From the combox of the post: A Conversation About Deconversion, And Why People Share Their Stories (Luciano Gonzalez, 7-23-17).
The question that matters to me with regard to Dave Armstrong is: Why would a person go to such trouble to pick apart a deconversion story if they know that a deconversion story is a personal narrative which is not meant to apply to all followers of Christianity ™ and will convince no one who is not already in your camp?
The answer, I suspect, is to ingratiate oneself with one’s fans. As motives go, it’s selfish and unkind.
I made quite clear what my perspective and motivation was, in the Introduction to two of my critiques (if you saw or read those at all):
Since these are public (else I wouldn’t know about them in the first place), it’s reasonable to assume that they are more than merely subjective / personal matters, that have no bearing on anyone else. No; it is assumed (it seems to me) that these stories are thought to offer rationales of various sorts for others to also become atheists or to be more confirmed in their own atheism. This being the case, since they are public critiques of Christianity (hence, fair game for public criticism), as a Christian (Catholic) apologist, I have a few thoughts in counter-reply.
I am not questioning the sincerity of these persons or the truthfulness of their self-reports, or any anguish that they went through. I accept their words at face value. I’m not arguing that they are terrible, evil people (that’s a child’s game). My sole interest is in showing if and where certain portions of these deconversion stories contain fallacious or non-factual elements: where they fail to make a point against Christianity (what Christian philosopher Alvin Plantinga calls “defeating the defeaters”), or misrepresent (usually unwittingly) Christianity as a whole, or the Bible, etc.
Agree or disagree, that is my motivation. But rather than address that, you choose to second-guess my motives and make unfounded accusations: “The answer, I suspect, is to ingratiate oneself with one’s fans. As motives go, it’s selfish and unkind.”
As to my fans, very few Christians have any interest at all in my critiques of deconversions. This is shown by how few likes and comments these articles get when cross-posted to Facebook. They care very little about it. Thus, that makes no sense as any kind of motive. There is huge interest in the atheist community (as witnessed by this very post and several others), but of course they are not my “fans.” So that is dead-wrong.
As for “unkind”, somehow, all the main atheist figures that I have interacted with have been perfectly gracious, and have not indicated at all that I shouldn’t have done what I did. Jonathan MS Pearce just put up a post saying that he hoped I would continue. He challenged me to interact with his extensive material on the infancy narratives of the Bible, and I agreed to do so.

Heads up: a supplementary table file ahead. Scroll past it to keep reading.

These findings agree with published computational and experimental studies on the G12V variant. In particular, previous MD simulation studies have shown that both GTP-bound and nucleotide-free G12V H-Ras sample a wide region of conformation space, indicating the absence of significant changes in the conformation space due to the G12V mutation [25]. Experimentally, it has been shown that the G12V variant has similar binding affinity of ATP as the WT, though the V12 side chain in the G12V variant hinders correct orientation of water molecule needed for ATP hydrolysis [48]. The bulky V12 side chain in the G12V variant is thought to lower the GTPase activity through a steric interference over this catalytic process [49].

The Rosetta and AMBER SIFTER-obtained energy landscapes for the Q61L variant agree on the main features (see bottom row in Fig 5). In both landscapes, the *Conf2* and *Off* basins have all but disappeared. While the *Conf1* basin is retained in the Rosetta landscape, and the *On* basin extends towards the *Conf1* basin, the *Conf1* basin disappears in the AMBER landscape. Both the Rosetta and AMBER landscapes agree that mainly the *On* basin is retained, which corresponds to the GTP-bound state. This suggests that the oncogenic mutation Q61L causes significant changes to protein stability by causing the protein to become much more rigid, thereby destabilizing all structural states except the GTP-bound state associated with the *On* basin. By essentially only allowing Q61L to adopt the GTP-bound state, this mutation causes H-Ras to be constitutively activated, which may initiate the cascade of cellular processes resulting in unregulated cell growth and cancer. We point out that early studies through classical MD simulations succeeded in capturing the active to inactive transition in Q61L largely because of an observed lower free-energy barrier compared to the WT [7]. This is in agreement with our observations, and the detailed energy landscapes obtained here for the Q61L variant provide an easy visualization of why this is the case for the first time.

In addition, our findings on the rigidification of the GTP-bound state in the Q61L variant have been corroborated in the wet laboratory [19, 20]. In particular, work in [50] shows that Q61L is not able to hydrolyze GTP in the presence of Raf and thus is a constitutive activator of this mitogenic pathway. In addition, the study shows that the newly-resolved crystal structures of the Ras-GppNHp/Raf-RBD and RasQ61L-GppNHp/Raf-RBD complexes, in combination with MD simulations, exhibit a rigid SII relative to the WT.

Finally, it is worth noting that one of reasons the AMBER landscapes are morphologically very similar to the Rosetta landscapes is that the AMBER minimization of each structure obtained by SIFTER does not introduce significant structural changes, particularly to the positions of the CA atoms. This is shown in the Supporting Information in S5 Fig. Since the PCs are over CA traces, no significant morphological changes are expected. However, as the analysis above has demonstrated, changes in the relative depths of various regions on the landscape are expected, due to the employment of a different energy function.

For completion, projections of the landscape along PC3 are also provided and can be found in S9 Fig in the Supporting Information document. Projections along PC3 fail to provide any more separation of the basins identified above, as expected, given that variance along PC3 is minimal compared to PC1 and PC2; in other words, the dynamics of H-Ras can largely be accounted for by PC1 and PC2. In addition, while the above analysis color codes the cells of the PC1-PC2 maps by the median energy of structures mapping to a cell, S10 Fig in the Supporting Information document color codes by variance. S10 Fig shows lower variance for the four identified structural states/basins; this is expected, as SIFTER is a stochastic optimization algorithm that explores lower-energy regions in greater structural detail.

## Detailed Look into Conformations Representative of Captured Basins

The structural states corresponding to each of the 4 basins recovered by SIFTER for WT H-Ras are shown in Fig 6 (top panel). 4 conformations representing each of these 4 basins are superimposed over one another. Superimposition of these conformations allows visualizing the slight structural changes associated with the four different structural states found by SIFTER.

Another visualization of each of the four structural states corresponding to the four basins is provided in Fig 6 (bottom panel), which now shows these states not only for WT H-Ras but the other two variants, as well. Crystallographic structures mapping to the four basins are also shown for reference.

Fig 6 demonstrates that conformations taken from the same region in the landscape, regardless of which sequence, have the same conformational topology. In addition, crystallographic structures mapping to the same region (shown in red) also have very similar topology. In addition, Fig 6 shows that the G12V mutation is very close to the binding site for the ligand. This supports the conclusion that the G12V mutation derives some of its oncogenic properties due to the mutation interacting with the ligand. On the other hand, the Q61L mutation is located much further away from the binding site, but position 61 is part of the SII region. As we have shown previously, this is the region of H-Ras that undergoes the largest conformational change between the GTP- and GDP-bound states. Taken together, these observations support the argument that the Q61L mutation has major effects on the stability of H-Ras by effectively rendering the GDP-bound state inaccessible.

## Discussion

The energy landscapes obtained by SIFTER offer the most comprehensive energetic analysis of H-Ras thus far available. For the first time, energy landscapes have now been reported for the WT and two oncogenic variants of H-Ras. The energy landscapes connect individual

Dr. Daniel Fincke seemed almost ecstatic that I came around. He called my critique “very genial” and said that it was “serendipitous” that a Catholic apologist showed up at an opportune time; that this caused him to come out of a blogging hiatus. Hardly offense or antipathy or “hurt” there, as to whether I should do it at all . . . Quite the contrary!
Anthony Toohey, whose story I critiqued, has also been very friendly and we are in ongoing discussions.
So if they don’t care and don’t make these accusations, why should you? And why couldn’t you simply make your point without the attack on my motives and character? Luciano didn’t have to do that. He stated that he thought I was “honest” and felt no compulsion to attack me for merely doing some critiques.
For me it always felt wrong that the standard of evidence for leaving Christianity would be higher than the standard of evidence for accepting Christianity (in my case, being brought up with it would be the biggest factor). And yet there is a feel that no matter what reasons you give someone will say “You should have investigated this other thing” or “I accept that and I’m still Christian, so you should accept my rationalisation and return to Christianity”.
No deconversion story is going to be complete, and it’s certainly not going to contain the years of doubts and questions and explorations that some (including me) have followed before reaching our current point.
Likewise, nothing we ever say convinces the atheist that we have warrant for our beliefs. Works both ways.
Instead, we are constantly accused (by many but not all atheists) of being gullible, infantile, stupid, anti-science, anti-reason, etc.
If you’re confident in your beliefs, you will welcome challenges to these stories (just as I absolutely love to be challenged), and in fact, so far that has been precisely the response from two of the three that I critiqued. The third hasn’t commented on it.
[more from the Facebook cross-posting]
Do you think the standard you have for deconversions matches the standard you have for conversions? Every conversion story I’ve heard from someone personally is not rational. In fact they have admitted as much to me. Very depressed or emotional, people turn to faith and find comfort, community, friendships. Later they might become convinced of evidence, but it’s rarely if ever an actual reason for joining.
Yes. I do what I do every day because of the lack of knowledge of the “whys” of Catholicism and Christianity, Ignorance is a scourge in every class of people.
Rejecting something and accepting something are different, however. If someone says that “x is untrue” then they need to offer serious reasons for such a claim. I analyze those, and I have found them wanting in the case of deconversions.
But the basis of the warrant or justification for accepting Christianity is vastly different than the reasoning (real or imagined) used to reject same.
You and other atheists are free to critique our reasons for being Christians. Likewise, we are free to critique yours for splitting.